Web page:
.

.

Wednesday, January 13, 2016

Randall Horton question

Post your questions by 6pm on Sunday, January 17. Remember to include some context to connect your question directly to the reading from Hook, Randall Horton's memoir.

26 comments:

  1. Horton writes about the "Jack and Hill" lifestyle of privileged students at his university. By being at Howard, but seeing all that money coming from selling drugs and being surrounded by peers who were so comfortable financially, did it feel like working towards a degree didn't mean as much anymore?

    ReplyDelete
    Replies
    1. Going off of Teddy's point, I am curious about how this Jack and Jill lifestyle came to be and how it represents the "Black n Bougie" (As Michelle Grant refers to it: http://www.blackenterprise.com/lifestyle/black-n-bougie-blog-michelle-grant/). Glancing at the Jack and Jill website, it looks like it wants to help African American families in general but your words and various other articles online suggest that it is only for the more affluent classes.

      Delete
    2. I had a similar question to Teddy's. Is the need to "fit in" and seem powerful more important than earning the actual degree that is supposed to get you a job in the future? And now that I say 'supposed,' maybe that is what students think when they decide to do drugs--an easy way to get your money back. Perhaps Horton feared that working towards the degree wasn't actually going to get him a job in the future, so the drug route seemed like a reasonable way to go.

      Delete
  2. Horton's introspective look into the world of drug-dealing is written very poetically. Randall does speak of his economic standing, does that play a major role in drug-dealing? Of course, not all drug dealers are lower on the totem pole-so as to speak-but does that add to the incentive of drug dealing because it is a quicker way to get a large amount of money?

    ReplyDelete
  3. Horton writes of his and Patrick's shared "southerness" being the original source of their friendship. How was that relationship affected by selling drugs together?

    ReplyDelete
  4. When Horton states, "Drugs render you invincible, pulled into a room of narcissistic arrogance; but nonetheless, you mount the crest of the wave you've been given and you ride baby ride" I feel as though this some what puts drug dealing on a pedestal. It appears Horton and his peers received a high from selling drugs alone. Does selling drugs for easy and quick money allow for individuals who come from a lower economic status feel as though they may be on the level of the "Jack and Jill" society as Horton mentions?

    ReplyDelete
  5. Horton writes about a sudden need for a bank account saying, "The next day money came quickly—so quick bank accounts had to be opened because money wrapped in rubber bands under the mattress would not suffice." I wonder if there came--perhaps just as suddenly--a time when the world of bank accounts seemed too slow and distant a way to handle money?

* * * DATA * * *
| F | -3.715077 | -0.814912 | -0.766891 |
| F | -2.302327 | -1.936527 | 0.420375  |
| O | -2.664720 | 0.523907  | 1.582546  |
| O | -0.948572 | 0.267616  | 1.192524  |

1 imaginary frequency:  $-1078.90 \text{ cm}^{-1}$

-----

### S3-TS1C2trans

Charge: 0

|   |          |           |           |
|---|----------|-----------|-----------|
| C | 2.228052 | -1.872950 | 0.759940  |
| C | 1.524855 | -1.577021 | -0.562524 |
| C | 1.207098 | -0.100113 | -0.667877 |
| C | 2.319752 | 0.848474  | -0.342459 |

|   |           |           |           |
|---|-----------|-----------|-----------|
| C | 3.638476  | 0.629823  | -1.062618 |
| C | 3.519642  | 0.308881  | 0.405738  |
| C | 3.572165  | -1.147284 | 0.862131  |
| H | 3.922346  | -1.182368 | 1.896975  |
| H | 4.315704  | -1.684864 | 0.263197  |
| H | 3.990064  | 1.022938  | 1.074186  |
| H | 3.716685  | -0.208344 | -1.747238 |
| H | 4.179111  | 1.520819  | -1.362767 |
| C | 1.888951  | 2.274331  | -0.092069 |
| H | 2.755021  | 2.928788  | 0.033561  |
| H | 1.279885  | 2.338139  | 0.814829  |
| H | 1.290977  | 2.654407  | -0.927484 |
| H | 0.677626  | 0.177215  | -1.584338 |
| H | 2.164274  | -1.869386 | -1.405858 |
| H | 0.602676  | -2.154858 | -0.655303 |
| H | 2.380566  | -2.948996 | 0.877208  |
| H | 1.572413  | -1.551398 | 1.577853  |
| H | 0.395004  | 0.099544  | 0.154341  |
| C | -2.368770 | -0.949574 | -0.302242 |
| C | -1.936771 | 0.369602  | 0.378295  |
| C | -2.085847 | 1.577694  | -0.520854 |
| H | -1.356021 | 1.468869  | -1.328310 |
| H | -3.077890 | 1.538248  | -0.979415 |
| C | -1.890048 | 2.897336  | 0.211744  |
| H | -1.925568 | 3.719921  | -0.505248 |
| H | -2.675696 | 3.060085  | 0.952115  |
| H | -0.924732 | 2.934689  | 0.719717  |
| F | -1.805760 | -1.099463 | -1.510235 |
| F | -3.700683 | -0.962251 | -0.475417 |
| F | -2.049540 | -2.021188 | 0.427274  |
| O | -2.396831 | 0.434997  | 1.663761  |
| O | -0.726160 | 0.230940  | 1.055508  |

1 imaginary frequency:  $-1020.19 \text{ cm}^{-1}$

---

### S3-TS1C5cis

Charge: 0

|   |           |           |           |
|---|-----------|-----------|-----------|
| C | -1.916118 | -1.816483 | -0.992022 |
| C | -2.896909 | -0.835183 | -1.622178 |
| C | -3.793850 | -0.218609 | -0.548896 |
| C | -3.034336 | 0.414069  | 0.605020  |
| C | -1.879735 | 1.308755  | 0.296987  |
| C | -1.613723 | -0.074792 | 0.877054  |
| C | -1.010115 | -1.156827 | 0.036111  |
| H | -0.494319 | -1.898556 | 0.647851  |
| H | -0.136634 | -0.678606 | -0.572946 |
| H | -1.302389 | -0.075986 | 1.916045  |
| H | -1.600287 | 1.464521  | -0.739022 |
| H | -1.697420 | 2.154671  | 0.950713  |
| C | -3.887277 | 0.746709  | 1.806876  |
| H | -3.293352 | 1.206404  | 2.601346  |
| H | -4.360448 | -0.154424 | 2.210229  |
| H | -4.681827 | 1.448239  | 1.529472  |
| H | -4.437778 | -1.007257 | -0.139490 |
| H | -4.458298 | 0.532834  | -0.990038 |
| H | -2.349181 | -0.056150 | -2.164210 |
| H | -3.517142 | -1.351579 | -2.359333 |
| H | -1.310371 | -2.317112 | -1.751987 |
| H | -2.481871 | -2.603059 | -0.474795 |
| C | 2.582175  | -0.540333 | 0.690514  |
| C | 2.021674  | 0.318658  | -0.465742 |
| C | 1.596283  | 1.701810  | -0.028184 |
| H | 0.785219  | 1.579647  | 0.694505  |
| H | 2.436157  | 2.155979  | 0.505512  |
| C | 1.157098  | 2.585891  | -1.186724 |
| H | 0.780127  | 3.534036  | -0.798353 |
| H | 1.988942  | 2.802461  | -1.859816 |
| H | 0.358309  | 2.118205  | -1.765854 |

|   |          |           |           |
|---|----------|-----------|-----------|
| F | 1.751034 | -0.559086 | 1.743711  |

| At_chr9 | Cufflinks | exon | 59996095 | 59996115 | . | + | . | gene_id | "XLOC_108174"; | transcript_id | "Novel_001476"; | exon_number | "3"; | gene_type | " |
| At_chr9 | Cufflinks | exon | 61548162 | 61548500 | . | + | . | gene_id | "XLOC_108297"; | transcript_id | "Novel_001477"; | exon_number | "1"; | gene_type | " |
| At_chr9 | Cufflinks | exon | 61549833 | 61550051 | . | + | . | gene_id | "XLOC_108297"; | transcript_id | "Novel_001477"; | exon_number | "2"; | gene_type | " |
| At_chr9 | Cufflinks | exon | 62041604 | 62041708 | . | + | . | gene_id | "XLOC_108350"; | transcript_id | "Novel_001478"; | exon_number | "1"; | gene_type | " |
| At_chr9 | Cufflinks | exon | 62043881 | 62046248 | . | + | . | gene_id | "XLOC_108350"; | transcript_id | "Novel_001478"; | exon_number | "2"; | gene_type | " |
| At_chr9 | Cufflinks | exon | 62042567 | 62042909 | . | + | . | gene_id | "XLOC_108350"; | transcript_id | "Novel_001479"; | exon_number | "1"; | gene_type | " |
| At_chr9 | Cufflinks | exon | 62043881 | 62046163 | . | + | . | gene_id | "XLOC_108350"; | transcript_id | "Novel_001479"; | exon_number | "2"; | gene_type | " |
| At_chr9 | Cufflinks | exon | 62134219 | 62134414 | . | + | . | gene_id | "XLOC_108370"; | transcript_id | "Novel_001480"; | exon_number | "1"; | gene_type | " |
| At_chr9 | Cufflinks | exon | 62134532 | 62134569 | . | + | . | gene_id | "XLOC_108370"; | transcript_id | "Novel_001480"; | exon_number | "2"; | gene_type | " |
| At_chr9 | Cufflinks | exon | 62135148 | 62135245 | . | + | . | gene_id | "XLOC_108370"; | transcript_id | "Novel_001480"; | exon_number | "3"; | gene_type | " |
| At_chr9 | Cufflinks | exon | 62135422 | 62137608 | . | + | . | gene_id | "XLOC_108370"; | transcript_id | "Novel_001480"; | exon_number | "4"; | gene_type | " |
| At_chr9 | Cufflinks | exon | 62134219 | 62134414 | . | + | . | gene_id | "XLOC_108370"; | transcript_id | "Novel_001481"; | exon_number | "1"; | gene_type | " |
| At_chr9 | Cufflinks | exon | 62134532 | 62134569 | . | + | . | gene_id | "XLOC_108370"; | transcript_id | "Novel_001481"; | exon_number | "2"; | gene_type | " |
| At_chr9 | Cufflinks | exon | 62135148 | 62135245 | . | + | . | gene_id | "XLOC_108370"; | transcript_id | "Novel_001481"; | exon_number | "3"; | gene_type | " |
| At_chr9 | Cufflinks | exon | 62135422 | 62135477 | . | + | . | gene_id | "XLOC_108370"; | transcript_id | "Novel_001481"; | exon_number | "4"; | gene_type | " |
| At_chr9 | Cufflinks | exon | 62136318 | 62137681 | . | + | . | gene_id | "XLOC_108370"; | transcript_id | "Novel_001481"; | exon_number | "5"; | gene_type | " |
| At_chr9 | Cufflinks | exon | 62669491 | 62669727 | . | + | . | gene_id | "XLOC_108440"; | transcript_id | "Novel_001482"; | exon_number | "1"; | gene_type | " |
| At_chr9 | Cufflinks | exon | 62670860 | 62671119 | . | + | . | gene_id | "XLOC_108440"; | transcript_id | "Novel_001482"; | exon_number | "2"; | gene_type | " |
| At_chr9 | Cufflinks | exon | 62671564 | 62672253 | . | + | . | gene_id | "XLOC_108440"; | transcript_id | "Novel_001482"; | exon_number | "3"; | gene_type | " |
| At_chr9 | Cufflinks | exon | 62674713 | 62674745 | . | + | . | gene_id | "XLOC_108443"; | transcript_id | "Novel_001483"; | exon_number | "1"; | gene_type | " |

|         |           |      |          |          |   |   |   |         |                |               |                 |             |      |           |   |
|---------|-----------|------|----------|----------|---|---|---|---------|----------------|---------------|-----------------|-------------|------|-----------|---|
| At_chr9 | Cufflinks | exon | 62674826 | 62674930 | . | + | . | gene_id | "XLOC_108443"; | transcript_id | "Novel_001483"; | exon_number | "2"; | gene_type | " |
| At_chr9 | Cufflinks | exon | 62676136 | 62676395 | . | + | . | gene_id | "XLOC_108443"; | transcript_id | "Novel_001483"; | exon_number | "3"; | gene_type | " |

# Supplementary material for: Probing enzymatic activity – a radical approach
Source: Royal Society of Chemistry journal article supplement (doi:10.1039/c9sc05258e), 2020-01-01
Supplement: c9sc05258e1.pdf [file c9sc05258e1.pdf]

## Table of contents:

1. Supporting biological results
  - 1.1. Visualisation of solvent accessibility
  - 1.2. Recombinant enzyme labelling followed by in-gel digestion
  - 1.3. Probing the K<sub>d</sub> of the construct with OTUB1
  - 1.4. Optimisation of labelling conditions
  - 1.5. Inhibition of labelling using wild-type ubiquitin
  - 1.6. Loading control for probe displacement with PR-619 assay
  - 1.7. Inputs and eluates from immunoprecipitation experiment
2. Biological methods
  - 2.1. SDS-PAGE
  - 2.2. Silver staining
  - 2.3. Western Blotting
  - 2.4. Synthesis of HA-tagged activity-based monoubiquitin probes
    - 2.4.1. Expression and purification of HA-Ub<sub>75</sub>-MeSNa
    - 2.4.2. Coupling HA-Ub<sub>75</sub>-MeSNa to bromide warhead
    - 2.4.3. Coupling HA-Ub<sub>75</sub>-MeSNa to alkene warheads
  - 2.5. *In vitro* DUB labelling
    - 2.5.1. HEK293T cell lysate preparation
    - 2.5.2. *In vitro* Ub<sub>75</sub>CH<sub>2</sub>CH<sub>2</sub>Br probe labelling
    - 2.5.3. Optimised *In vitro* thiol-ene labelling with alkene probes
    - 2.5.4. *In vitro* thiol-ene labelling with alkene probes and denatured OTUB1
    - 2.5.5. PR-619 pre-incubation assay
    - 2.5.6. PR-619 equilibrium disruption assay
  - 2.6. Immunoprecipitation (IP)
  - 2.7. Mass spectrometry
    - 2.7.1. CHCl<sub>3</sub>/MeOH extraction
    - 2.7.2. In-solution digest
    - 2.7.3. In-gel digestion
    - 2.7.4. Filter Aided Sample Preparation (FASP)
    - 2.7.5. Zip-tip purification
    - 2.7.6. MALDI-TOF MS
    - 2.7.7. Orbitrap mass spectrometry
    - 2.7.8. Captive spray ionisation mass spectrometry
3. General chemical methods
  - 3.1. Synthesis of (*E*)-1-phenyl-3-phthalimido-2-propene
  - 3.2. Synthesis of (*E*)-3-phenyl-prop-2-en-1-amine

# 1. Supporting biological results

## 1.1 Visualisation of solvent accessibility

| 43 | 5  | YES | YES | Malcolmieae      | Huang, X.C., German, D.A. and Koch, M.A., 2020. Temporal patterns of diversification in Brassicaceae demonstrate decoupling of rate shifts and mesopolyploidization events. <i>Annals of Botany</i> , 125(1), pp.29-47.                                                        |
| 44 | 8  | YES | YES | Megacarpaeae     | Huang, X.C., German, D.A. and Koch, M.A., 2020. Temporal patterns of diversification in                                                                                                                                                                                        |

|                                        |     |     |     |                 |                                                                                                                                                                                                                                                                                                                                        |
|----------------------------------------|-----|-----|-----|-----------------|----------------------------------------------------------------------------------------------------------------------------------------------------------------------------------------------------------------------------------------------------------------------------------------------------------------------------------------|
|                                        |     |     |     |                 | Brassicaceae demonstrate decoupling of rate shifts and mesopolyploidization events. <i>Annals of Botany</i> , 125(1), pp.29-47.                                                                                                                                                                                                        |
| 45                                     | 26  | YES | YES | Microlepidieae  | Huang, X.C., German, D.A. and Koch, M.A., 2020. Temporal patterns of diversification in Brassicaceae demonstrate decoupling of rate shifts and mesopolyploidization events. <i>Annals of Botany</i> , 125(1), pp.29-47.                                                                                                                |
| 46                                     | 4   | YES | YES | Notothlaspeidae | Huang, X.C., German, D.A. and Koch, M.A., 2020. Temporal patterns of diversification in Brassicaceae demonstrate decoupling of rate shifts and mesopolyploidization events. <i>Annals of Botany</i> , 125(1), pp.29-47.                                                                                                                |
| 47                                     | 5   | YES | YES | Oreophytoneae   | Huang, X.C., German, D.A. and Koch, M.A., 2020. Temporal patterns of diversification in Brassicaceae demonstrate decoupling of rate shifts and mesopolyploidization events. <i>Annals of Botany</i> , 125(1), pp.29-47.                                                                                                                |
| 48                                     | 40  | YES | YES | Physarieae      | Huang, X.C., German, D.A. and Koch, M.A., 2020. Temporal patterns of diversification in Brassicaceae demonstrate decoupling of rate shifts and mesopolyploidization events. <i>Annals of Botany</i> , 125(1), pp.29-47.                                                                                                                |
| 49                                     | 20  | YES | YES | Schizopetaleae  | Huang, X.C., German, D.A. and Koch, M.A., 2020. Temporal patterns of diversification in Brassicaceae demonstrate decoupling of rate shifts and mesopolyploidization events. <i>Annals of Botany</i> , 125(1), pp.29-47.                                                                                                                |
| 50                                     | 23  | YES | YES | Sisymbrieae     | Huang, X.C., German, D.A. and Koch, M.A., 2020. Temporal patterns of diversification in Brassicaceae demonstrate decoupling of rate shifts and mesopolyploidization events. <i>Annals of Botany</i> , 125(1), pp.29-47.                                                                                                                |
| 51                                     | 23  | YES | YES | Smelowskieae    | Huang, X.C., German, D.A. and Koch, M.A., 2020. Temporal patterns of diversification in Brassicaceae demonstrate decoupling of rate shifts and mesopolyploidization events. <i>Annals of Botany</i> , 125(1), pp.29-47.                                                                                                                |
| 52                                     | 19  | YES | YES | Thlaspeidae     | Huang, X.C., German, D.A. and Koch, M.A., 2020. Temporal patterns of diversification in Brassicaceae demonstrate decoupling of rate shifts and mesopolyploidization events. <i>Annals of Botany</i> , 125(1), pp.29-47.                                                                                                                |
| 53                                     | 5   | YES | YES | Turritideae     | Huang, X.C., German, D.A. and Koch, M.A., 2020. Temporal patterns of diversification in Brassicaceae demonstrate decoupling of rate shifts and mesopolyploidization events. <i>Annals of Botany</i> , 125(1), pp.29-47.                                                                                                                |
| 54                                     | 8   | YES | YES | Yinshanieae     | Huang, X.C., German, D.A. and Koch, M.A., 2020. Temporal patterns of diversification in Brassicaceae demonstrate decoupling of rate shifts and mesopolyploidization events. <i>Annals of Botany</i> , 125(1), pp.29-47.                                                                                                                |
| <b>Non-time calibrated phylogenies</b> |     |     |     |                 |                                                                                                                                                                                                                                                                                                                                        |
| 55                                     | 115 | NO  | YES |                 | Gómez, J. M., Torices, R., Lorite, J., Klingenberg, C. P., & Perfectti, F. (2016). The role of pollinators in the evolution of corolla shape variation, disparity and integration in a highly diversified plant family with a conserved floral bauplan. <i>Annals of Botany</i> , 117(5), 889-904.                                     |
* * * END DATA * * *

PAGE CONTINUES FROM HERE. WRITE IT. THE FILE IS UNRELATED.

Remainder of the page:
ReplyDelete
  6. This excerpt does a fantastic job of illustrating the instant gratification and satisfaction that seems to accompany a turn to drug dealing, especially on a college campus which is the perfect environment for a dealer. It also provides an honest glimpse into the ways in which the author justified his actions as a reaction to his own socio-economic marginalization.

    ReplyDelete
  7. In Horton’s memoir, he mentions that he and his friends "discovered a connection in [their] southerness amidst so many students from the north.” Did this disconnect between Horton and his “northern” peers play a role in his introduction to the world of drug dealing? If he had gone to a school closer to home, do you think it would have made a difference?

    ReplyDelete
  8. The title of this article is "the real howard university". Horton talks about doing drugs and selling drugs in the university. DO most of the students in Howard university have this kind of life style?

    ReplyDelete
    Replies
    1. I don't think that it is most having this lifestyle. I do believe however that Horton is referring to more of the idea that the university is not exactly what it seems from the outside peering in. There truly is a frosted window concealing the true painting of a university. When coming to our University, I noticed that essentially NOTHING that was presented to me was actually how the university functioned. The questions I asked were usually evaded in some manner and covered with something else; however, the enticing scholarship drew me further in. While I can't say that the school hasn't grown on me, I will have to be truthful in the matter of hating that so much of the truth was concealed int trying to create a "perfect" image. This deviates from the drug topic, but directly correlates in the matter of what "reality" truly is. So, I am guessing that is where this comment leaves---- what is "reality" and does it 'really' exist?

      Delete
  9. This comment has been removed by the author.

    ReplyDelete
    Replies
    1. Horton sees the instant change in his social life when he provides his peers with drugs; his economic standing, once so relevant, didn't matter anymore. How prevalent is it to only want to be associated with people like you, or with people who have the power to give you something?